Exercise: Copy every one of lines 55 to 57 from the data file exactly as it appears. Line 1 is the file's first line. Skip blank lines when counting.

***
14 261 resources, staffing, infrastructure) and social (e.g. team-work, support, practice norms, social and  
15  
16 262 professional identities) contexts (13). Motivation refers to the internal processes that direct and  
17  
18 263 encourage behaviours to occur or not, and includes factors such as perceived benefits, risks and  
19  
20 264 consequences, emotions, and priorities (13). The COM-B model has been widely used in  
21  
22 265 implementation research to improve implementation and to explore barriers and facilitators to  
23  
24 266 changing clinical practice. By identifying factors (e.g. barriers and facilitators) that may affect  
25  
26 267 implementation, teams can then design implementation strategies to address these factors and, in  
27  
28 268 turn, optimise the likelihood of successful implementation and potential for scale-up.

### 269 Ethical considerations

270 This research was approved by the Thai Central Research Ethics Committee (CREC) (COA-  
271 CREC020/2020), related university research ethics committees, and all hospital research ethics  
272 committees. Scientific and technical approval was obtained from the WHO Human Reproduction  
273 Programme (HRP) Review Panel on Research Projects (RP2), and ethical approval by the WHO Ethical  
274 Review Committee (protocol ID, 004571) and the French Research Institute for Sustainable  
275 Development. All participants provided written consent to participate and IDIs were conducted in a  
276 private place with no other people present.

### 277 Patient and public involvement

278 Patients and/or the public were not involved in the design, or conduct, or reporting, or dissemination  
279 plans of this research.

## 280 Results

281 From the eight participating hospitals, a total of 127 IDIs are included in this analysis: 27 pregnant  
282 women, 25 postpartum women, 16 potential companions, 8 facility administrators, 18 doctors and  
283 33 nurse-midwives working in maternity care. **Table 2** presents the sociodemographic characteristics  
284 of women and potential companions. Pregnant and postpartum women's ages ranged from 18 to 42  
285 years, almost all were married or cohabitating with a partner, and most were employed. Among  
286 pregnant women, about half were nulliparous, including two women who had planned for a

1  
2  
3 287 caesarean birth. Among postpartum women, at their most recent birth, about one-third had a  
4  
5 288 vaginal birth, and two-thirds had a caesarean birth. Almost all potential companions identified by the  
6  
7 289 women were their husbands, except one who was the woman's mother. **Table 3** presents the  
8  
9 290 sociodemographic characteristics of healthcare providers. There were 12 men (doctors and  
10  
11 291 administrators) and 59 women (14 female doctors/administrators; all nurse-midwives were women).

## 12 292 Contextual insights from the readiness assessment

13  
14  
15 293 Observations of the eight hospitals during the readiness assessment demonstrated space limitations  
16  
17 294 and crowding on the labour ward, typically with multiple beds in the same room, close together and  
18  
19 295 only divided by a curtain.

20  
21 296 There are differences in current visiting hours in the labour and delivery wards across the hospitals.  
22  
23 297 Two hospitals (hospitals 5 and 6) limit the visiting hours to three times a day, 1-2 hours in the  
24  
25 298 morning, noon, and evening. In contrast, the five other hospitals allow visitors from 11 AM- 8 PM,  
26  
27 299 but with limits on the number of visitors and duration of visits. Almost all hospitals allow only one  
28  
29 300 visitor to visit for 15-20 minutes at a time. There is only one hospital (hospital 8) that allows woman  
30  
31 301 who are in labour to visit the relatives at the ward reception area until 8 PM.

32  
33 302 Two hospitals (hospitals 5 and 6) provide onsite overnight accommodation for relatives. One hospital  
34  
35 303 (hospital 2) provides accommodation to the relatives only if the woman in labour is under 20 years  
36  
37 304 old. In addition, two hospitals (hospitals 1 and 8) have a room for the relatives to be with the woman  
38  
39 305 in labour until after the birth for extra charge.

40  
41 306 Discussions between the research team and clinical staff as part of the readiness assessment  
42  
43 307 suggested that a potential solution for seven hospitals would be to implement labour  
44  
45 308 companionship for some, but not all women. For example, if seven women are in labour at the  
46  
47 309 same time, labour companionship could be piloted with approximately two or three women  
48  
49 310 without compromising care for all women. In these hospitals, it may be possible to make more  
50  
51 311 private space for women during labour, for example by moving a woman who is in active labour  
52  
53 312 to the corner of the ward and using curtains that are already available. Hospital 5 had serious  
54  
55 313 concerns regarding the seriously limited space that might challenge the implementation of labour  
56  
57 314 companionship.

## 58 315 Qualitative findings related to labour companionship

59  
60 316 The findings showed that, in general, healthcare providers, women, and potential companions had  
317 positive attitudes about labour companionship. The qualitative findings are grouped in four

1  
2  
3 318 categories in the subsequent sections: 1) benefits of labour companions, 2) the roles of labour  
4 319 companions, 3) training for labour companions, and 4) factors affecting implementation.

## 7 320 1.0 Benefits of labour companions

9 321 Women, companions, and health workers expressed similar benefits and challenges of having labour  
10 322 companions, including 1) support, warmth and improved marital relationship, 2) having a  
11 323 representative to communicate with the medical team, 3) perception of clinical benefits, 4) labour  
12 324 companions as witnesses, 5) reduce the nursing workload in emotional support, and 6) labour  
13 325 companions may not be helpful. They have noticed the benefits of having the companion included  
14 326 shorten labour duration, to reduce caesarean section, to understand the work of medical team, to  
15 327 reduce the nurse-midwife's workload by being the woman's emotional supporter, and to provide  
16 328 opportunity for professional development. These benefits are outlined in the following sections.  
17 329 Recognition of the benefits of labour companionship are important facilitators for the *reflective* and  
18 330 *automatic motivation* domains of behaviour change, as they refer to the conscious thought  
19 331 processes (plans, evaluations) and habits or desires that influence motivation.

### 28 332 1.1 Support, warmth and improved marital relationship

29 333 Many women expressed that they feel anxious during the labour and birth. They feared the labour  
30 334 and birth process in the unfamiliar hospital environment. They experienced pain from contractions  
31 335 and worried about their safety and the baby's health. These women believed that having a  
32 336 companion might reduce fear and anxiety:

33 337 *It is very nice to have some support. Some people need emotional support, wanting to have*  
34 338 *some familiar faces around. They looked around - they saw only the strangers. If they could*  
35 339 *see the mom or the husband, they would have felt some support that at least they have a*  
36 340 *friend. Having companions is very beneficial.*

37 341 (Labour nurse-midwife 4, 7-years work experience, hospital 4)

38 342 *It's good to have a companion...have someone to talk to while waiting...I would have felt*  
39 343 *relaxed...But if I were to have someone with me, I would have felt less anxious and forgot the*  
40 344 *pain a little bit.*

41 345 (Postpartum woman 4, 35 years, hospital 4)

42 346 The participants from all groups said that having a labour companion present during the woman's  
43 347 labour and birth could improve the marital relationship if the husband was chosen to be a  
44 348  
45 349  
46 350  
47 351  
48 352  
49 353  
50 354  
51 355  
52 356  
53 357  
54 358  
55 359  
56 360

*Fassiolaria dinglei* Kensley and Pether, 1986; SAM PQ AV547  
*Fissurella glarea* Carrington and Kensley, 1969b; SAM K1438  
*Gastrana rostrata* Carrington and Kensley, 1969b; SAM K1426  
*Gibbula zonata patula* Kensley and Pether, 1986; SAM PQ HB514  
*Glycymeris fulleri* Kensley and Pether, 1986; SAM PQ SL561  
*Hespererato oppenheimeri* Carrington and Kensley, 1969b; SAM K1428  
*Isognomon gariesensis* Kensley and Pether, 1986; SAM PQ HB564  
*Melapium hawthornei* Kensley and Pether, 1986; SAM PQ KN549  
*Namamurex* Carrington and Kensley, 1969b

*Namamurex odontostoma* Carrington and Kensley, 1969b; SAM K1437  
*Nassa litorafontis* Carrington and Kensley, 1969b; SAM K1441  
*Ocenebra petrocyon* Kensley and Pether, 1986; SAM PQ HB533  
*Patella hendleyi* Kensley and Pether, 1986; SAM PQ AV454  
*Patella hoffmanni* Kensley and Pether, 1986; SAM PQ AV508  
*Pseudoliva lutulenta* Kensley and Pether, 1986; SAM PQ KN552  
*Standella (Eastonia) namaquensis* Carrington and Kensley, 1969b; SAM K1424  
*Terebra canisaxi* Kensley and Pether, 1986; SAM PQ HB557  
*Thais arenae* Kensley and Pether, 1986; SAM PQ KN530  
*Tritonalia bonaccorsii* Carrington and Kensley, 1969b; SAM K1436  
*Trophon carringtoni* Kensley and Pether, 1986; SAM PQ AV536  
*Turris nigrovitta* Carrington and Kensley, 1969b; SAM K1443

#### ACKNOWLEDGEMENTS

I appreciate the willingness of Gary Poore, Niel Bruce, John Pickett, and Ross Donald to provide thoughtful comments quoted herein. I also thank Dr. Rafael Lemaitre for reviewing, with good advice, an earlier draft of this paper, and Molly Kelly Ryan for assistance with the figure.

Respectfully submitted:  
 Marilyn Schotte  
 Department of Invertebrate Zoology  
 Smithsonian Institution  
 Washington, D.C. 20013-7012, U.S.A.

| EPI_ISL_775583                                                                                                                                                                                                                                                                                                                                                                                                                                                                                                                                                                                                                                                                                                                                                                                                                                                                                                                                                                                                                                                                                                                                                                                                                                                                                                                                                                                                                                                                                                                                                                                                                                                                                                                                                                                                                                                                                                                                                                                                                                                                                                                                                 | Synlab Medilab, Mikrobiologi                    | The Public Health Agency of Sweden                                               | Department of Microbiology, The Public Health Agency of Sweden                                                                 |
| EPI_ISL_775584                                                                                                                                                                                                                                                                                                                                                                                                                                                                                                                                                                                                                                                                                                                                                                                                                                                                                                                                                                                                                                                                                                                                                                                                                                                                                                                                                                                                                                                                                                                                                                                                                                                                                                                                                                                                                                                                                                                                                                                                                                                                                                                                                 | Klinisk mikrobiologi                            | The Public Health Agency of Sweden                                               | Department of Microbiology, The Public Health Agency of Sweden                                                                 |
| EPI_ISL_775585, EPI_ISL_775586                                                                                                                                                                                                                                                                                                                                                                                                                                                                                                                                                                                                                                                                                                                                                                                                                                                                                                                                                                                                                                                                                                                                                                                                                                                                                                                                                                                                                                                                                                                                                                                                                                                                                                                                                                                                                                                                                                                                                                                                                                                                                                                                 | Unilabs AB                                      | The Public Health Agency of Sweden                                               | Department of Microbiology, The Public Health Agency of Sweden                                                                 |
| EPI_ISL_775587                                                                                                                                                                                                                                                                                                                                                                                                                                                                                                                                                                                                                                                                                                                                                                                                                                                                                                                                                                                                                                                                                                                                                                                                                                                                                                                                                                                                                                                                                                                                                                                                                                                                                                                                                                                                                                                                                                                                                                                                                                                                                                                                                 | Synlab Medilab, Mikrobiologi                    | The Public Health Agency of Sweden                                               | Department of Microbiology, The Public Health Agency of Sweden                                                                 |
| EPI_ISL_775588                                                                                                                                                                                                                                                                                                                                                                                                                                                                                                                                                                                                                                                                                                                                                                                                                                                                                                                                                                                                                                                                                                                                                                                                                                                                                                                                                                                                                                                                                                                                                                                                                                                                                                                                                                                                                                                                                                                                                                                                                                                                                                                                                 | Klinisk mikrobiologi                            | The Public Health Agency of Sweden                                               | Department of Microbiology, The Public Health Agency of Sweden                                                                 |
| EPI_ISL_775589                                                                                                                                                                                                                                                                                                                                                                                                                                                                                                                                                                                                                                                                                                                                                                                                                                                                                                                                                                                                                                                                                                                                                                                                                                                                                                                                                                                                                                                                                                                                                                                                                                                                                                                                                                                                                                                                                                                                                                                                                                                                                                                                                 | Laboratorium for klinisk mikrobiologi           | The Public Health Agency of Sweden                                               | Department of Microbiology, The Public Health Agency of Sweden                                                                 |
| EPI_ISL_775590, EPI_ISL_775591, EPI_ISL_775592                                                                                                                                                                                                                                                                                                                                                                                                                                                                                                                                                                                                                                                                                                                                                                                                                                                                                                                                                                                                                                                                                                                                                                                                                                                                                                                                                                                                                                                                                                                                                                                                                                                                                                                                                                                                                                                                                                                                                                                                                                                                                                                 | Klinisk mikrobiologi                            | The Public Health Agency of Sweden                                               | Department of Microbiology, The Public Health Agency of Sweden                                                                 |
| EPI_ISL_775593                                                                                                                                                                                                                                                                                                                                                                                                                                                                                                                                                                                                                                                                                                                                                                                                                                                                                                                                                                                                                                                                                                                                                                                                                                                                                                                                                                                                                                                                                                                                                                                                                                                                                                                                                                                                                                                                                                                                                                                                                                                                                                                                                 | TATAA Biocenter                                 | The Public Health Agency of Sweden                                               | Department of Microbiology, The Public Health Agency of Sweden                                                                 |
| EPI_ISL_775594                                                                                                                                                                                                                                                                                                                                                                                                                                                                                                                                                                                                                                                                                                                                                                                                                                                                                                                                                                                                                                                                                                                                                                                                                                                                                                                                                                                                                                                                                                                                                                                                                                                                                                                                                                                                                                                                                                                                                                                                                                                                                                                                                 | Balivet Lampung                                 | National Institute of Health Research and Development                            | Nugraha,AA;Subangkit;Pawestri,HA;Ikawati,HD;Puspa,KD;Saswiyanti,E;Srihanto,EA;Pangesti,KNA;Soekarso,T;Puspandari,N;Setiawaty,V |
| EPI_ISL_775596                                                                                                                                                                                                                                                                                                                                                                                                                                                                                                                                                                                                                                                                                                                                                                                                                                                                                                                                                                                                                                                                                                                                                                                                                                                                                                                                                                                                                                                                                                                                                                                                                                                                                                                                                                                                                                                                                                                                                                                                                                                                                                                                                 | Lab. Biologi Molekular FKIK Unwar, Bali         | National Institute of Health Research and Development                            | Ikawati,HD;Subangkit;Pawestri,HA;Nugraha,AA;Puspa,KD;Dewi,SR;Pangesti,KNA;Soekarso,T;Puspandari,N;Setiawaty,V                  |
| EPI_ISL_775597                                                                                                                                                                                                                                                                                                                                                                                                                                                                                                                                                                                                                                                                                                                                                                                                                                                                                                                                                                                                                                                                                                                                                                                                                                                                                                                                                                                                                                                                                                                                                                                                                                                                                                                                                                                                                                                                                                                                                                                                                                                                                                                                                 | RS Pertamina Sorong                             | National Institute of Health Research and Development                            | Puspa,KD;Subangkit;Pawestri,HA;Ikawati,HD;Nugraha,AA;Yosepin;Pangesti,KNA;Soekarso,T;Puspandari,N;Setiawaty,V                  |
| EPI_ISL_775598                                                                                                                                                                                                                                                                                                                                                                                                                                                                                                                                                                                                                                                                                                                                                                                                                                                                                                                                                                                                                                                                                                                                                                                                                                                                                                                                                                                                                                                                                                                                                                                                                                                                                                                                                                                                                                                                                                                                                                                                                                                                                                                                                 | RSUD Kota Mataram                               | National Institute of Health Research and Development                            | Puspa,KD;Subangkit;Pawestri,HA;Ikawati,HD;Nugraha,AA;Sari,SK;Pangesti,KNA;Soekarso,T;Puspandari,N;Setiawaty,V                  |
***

22  
23 297 Two hospitals (hospitals 5 and 6) limit the visiting hours to three times a day, 1-2 hours in the  
24  